our army there from hence. The same The Address was agreed to nem. dis. principle also of two prices prevailed in
Canada, where 100,0001. in Bank notes Gold Coin Bilb.) On the order of had been sent, and had been discounted, the day being read, for going into a Com- being taken at the rate of 145. in the mittee on this Bill,
1 pound. Impressed with the idea of the The Marquis of Lansdowne expressed a futility of enacting what was in itself ab. wish, that the Bill had been divided into surd, and in its consequences mischievous, two. To one part of it he was disposed as it could not prevent the two prices to agree, namely, that which respected which it was its object to counteract, and distress for rent; it was true, it was a part as it operated by driving the gold out of the of a faulty system, but it was certainly ne- market to prevent a return to a sound and cessary to protect tenants from oppres- healthy circulation, he intended to have sion in being called upon to do that which taken the sense of the House upon a mo.. would be, under present circumstances, a tion for dividing the Bill into two ; but as violation of the original contract with the the House was thinly attended, he should landlord; for though a noble friend of his not put it to the vote. in calling for rents in specie, bad laid The Earl of Clancarty contended, that down rules which were perfectly equitable, the most mischievous consequences would yet other landlords might not be actuated result from having two prices, and that by the same equity. So far, therefore, the supply to our army in the peninsula he agreed in the measure; but to the was best secured by the present measure, other part of the Bill, which went in fact The Bill then passed through the Comto declare, that no' person should part with mittee. gold, except for less than its value, nor take paper except for more than its value, he considered it as a system pregnant with
HOUSE OF COMMONS. incalculable mischief. He would not now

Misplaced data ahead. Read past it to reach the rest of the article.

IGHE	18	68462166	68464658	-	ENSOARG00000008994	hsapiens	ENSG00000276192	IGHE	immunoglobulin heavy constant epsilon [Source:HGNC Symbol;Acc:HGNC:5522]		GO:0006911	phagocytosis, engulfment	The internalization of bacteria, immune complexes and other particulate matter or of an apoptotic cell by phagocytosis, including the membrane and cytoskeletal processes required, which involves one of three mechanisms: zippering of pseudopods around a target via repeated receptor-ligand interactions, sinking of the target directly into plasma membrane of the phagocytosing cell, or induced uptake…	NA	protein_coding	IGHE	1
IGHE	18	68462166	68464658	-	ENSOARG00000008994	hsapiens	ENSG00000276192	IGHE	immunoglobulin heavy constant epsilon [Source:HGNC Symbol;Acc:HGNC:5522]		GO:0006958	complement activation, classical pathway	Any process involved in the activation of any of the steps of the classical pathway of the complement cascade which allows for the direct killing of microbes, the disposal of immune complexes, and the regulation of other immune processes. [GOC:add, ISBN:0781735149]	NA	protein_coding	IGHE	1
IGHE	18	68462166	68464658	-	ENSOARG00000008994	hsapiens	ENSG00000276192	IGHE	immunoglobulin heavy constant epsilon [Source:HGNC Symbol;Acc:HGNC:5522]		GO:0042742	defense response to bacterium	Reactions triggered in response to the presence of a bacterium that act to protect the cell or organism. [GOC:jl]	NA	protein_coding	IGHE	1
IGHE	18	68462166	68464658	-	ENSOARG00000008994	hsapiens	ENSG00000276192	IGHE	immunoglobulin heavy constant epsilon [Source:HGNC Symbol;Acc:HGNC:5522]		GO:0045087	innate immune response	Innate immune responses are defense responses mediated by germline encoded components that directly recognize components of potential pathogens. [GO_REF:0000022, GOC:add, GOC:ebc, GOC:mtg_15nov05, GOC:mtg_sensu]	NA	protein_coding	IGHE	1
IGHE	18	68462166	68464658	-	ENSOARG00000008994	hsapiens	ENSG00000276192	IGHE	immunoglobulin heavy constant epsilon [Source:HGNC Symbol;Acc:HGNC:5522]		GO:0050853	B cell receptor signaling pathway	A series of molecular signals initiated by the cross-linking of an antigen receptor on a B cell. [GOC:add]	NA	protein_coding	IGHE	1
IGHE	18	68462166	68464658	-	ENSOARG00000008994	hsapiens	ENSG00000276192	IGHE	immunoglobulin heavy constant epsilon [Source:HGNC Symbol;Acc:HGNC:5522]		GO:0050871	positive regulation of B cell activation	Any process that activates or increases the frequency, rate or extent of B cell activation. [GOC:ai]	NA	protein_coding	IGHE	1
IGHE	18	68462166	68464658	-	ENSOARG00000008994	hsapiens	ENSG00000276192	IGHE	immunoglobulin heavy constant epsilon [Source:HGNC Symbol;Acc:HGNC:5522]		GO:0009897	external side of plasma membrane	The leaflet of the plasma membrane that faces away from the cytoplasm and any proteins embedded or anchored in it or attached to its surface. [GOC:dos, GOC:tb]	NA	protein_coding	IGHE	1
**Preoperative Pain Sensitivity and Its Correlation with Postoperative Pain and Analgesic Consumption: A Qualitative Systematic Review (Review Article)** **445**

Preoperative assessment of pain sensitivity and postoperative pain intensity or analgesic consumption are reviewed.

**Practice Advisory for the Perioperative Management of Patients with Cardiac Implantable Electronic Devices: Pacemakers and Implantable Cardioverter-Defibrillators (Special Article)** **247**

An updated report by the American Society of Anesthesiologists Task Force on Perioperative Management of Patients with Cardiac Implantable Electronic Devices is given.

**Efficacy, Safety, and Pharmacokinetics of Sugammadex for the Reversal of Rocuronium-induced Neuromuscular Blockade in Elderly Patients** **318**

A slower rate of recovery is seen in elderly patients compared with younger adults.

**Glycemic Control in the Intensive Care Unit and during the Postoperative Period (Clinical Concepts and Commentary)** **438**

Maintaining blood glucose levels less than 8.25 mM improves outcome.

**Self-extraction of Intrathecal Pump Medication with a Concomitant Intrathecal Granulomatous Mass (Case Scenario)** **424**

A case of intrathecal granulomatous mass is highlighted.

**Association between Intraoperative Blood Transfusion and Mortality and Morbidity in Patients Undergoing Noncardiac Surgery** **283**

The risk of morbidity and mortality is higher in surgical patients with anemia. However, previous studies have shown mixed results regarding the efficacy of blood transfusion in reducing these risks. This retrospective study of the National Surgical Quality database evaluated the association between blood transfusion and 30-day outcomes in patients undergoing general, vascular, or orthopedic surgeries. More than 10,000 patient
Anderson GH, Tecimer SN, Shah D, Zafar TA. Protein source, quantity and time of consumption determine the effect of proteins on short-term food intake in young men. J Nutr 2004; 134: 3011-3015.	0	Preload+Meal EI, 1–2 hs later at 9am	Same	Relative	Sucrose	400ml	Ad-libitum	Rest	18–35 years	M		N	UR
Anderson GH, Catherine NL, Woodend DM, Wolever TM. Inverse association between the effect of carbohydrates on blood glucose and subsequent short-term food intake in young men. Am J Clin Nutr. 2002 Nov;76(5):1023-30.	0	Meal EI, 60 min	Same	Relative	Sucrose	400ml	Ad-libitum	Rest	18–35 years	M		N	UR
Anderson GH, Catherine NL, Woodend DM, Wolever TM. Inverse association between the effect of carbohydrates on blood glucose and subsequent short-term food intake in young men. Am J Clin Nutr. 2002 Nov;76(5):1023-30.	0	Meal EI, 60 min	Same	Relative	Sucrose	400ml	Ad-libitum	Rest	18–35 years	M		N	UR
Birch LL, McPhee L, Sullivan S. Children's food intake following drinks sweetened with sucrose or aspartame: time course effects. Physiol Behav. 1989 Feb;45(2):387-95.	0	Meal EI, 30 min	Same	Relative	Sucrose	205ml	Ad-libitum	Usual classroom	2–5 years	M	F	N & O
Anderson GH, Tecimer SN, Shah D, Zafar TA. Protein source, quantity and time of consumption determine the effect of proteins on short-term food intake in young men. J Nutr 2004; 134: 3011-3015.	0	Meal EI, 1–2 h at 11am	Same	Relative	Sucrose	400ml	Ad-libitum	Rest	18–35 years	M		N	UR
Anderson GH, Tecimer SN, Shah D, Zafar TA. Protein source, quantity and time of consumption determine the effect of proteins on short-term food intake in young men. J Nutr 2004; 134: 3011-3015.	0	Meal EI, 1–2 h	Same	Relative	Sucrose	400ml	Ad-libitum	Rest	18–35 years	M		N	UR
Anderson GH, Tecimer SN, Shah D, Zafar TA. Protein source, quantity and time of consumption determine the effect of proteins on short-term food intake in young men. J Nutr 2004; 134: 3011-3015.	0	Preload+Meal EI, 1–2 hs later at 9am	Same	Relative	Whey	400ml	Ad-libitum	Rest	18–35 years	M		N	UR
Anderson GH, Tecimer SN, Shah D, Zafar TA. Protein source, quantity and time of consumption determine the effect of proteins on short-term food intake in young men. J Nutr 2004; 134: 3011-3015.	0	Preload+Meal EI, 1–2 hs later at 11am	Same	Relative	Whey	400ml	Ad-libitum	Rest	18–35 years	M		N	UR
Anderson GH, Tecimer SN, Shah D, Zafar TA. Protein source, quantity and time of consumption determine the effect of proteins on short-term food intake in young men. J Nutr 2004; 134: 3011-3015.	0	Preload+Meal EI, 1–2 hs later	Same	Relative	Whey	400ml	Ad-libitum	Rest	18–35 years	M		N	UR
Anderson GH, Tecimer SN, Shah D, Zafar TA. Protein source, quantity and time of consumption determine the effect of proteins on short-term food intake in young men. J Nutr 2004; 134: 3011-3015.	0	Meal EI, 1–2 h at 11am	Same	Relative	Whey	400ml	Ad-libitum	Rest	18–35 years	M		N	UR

Friday, December 18. enter into the question of depreciation; Prince Regent's Message FOR REbut confine himself to the more immediate LIEF TO THE INHABITANTS OF Russia.] object of the Bill, and he contended that | The House resolved itself into a Commitit was perfectly absurd to attempt by a tee of Supply, to which the Message of legislative provision to give a currency to :he Prince Regent respecting the invasion paper, which was not worth the value set of Russia was referred. The Message upon it. Similar expedients had been | being read, the resort of all weak and tyrannical go- | The Chancellor of the Exchequer then vernments, and had successively failed. said, that had it not been for some intimaThe natural consequence was, the driving tions of intended opposition which the all the gold out of the market, and thus reading of the Message had produced last precluding the means of returning to pay- night, he should have left the question he Hents in specie. What good had been ef. was about to propose to be decided by the unbiassed judgment and feelings of the , this measure expedient, was that of a House, with scarcely any attenipt at ob- subscription entered into at Petersburgh, servation. He still hoped that four-and-at the head of which the Empresses and twenty-hours reflection might have con- the rest of the royal family had placed vinced the gentlemen from whom those themselves, for the relief of the greatest intimations proceeded, of the propriety of sufferers by the French invasion. Till this the measure recommended by his Royal step was taken, it might have been doubted Highness; and in that hope he should whether there were any practicable means trespass but a short time on the attention of administering those comforts which the of the committee, and avoid as much as liberality of this country must wish to suppossible every topic upon which a dif- ply, but which would now be easy of apference of opinion could be entertained, plication through the medium of the com. because he felt that nothing could add so mittees appointed for that purpose in much to the grace and dignity of the pro- Russia, who would enquire into particular ceeding, or stamp so much value on the cases, and apply relief where it most was gift which it was proposed to bestow, as needed, with the same ansious solicitude its being sanctioned by the unanimous and discriminating care which had been Foice of the Commons of the United King- so often displayed in similar cases in this dom.